The muscle activity was measured using 8-channel EM and the software for computer-aided recording and analysis of the data. In addition, at the same time, the welding activities were recorded with a video camera. Eight muscles were measured on the dominant hand: Mm. flexor (forearm flexor muscles), Mm. extensor (forearm extensor), M. biceps brachii (upper arm flexor), M. triceps lateralis (upper arm extensor), M. deltoideus pars mediale (large shoulder muscle), M. trapezius pars ascendens (neck muscle), M. infraspinatus (shoulder muscle) and M. erector spinae pars lumbalis (lower back extensor). The electrodes were applied parallel to the muscles and fixed with flexible tape in order to prevent the electrodes from slipping due to the high level of sweating.
The results for the perceived exertion (fig. 1) show that the welders feel significantly less exertion when working with the reduced-weight torch. Evidence of this is also provided by the slightly lower blood pressure values.
The most important result is that the muscular exertion on 5 out of 8 muscles is significantly lower in both welding positions when the reduced-weight ABIMIG® GRIP A LW torch is used. Fig. 2 shows the results for position PD and fig. 3 shows those for position PF. The shoulder and arm muscles in particular are subject to significantly less strain. In practical continuous operation, this results in fewer complaints and consequently lower downtimes caused by absence due to injury.
Results of the subjective feeling of extension via the Borg scale
Results muscle activity of the 8 different muscles while welding in position PF (standing)
Results muscle activity of the 8 different muscles while welding in position PD (sitting)
* The Borg scale is an evaluation method invented by Prof. Dr. Gunnar Borg (Stockholm) for the evaluation of subjective perceived exertion.
Practical experience confirms research results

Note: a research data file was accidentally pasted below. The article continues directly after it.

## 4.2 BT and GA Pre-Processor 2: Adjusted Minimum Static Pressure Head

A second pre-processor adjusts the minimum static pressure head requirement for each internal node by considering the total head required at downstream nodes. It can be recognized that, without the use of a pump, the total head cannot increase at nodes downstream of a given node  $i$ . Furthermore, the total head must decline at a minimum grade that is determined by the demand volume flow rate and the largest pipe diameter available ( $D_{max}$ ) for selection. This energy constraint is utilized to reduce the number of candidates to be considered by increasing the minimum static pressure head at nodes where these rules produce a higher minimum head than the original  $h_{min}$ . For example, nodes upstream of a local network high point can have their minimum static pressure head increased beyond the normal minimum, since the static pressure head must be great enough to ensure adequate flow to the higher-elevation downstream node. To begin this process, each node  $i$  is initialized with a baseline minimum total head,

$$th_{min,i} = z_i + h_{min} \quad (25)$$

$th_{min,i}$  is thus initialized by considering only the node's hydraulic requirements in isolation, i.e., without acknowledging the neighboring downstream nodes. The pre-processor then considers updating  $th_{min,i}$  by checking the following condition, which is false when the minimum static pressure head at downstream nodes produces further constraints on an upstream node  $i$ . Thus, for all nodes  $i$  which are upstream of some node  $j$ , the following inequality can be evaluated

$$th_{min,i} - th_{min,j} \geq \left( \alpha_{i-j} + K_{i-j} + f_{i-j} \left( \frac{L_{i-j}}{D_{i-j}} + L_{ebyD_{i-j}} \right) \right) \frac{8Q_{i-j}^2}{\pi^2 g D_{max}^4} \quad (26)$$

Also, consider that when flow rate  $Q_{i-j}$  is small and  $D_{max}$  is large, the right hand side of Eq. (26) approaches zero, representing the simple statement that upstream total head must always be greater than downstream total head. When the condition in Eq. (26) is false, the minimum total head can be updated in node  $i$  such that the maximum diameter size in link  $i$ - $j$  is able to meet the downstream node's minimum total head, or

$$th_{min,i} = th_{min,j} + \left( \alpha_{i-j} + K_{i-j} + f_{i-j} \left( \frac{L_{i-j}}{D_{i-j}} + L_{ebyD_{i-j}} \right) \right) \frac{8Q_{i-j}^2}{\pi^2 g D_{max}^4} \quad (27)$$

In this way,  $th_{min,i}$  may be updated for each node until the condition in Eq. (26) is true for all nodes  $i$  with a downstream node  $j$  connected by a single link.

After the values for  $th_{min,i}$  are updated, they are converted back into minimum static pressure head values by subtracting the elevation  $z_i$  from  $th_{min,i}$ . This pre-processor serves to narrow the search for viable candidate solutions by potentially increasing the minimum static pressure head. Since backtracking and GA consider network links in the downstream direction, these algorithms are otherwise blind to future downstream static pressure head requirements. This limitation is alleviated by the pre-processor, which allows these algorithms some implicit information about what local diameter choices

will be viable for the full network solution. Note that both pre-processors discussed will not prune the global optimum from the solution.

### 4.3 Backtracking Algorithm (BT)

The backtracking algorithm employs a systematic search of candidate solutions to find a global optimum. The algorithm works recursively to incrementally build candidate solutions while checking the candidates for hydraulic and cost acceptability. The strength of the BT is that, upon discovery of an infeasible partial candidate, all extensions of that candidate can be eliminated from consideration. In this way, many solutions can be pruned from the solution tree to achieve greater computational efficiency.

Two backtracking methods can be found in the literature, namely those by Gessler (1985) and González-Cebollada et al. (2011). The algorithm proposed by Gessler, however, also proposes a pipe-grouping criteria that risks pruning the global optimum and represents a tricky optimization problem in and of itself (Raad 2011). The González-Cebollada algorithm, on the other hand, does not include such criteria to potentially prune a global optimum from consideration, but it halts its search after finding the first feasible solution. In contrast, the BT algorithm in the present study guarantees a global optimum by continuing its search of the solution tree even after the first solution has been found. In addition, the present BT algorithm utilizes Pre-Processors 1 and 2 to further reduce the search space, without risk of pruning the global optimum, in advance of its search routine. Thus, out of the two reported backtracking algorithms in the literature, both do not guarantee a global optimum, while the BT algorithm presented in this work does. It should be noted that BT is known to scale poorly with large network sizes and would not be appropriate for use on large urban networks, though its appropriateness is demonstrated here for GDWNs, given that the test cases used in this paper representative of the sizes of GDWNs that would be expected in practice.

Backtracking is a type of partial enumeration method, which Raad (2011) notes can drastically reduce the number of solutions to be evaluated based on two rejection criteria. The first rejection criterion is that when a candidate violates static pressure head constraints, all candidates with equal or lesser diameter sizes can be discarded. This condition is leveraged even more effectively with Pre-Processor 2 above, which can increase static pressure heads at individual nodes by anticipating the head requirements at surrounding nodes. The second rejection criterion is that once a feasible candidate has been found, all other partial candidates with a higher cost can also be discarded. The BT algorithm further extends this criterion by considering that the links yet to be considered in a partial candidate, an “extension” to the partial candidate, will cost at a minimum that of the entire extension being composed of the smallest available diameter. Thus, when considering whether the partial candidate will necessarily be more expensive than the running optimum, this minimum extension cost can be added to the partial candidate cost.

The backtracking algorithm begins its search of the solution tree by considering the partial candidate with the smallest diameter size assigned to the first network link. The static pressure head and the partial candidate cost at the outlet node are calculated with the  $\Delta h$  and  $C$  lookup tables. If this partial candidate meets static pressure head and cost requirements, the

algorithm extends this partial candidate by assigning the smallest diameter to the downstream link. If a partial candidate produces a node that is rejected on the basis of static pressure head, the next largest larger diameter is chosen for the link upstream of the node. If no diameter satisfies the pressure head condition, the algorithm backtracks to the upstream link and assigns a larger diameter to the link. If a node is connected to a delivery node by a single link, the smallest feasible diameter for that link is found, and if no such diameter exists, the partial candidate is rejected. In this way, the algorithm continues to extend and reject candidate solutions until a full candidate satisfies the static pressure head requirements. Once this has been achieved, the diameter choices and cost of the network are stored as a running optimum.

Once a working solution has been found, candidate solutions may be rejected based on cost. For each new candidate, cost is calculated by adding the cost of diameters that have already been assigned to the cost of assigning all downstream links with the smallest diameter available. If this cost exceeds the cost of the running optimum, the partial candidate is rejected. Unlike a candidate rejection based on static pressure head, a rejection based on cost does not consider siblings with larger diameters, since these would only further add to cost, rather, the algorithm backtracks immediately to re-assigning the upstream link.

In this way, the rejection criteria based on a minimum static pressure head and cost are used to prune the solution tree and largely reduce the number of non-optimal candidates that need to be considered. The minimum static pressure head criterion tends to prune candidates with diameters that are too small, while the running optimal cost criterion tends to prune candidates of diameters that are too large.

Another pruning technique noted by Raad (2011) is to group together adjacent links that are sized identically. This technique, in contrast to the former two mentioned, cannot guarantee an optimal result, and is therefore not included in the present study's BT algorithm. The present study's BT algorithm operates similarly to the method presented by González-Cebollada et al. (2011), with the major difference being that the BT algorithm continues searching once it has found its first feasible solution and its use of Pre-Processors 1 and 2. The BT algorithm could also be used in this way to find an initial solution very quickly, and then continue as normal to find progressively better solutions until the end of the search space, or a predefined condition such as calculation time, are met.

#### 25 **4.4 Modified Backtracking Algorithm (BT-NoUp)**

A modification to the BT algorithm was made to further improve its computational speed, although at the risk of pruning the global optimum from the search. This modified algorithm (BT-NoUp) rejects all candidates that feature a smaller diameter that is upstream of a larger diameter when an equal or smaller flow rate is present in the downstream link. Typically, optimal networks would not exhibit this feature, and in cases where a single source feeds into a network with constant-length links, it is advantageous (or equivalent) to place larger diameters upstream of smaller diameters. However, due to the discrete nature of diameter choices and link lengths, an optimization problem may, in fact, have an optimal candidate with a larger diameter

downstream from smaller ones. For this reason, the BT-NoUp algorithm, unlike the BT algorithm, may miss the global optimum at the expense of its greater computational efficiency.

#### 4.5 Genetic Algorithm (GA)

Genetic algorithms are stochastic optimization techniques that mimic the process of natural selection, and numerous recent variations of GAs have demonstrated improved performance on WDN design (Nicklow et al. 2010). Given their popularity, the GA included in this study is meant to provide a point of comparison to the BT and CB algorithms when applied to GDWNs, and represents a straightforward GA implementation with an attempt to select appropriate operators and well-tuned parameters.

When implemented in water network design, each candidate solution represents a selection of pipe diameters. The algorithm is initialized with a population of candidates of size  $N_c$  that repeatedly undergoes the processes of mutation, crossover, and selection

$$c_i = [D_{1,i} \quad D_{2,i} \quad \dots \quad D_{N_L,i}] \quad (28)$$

An additional measuring campaign by an automotive supplier where the ABIMIG® GRIP A LW torch has been in use for several months confirms the above research. The welders commented very positively and did not want to let go of the ABIMIG® GRIP A LW torch. “My shoulder complaints have practically vanished,” one of the welders confirms in a succinct statement!
“We are constantly developing new welding torches so a welder is able to work to the precision level required.” Jan Hasselbaum, who works in the Sales
and Marketing division at ABICOR BINZEL knows what he is talking about. “Our developments focus on the person, the welder.” Prof. Mooren adds: “We are
finding that companies are increasingly identifying employees as capital, which they need to protect.” As occupational health management this is increasingly finding its way into companies. Extending the working lifetime of employees and qualified staff, keeping them fit and healthy, must be the aim of any employer.
Sports scientist and medic Mooren describes the cooperation with the “global player” from Buseck as a lucky break that came about through personal contacts. “ABICOR BINZEL Managing Director Dr. Emil Schubert was in the sports institute for performance diagnostics,” he recounts. However, at some point the conversation ceased to be about the physical performance of the subject, Schubert. “We discussed that performance relates not only to sport but also to work, that performance is associated with level of fatigue and that it can be illustrated.”
The idea of a co-operation took shape. “Our developers consider how the welding torches can be designed to be user friendly. The practical experience of the workers is incorporated into this,” Hasselbaum explains that another reason for the company financing the doctoral thesis, in which the co-operation with the sports scientists from Gießen is described as “intensive and exciting.”
Conclusion: To summarize, it may be stated that it is primarily the shoulder and arm muscles that are strained during welding work in the PF and PD positions and that a lighter welding torch proved to be advantageous and less of a strain.
Weather standing or sitting – a light welding torch means less stress for the shoulder and arm muscles
The reduced-weight welding torches in the ABIMIG® GRIP A LW range have been in use on an industrial scale for over a year and have received a very positive reception among professional welders. The excellent balance and slightly curved handle sits comfortably in the hand and the weight reduction means that welders feel less strain in their daily work. The weight reduction has been possible largely due to the use of light metal components for the live cables in the hose package where the otherwise conventional copper has been substituted by light metal components. Despite the reduced weight, the welding torches are completely suited to industrial use and compliant with the current standards and regulations, particularly DIN/EN 60974-7.
M. deltoideus medialis
M. erector spinae
M. biceps brachii caput breve
M. triceps brachii caput lateralis
M. erector spinae
M. erector spinae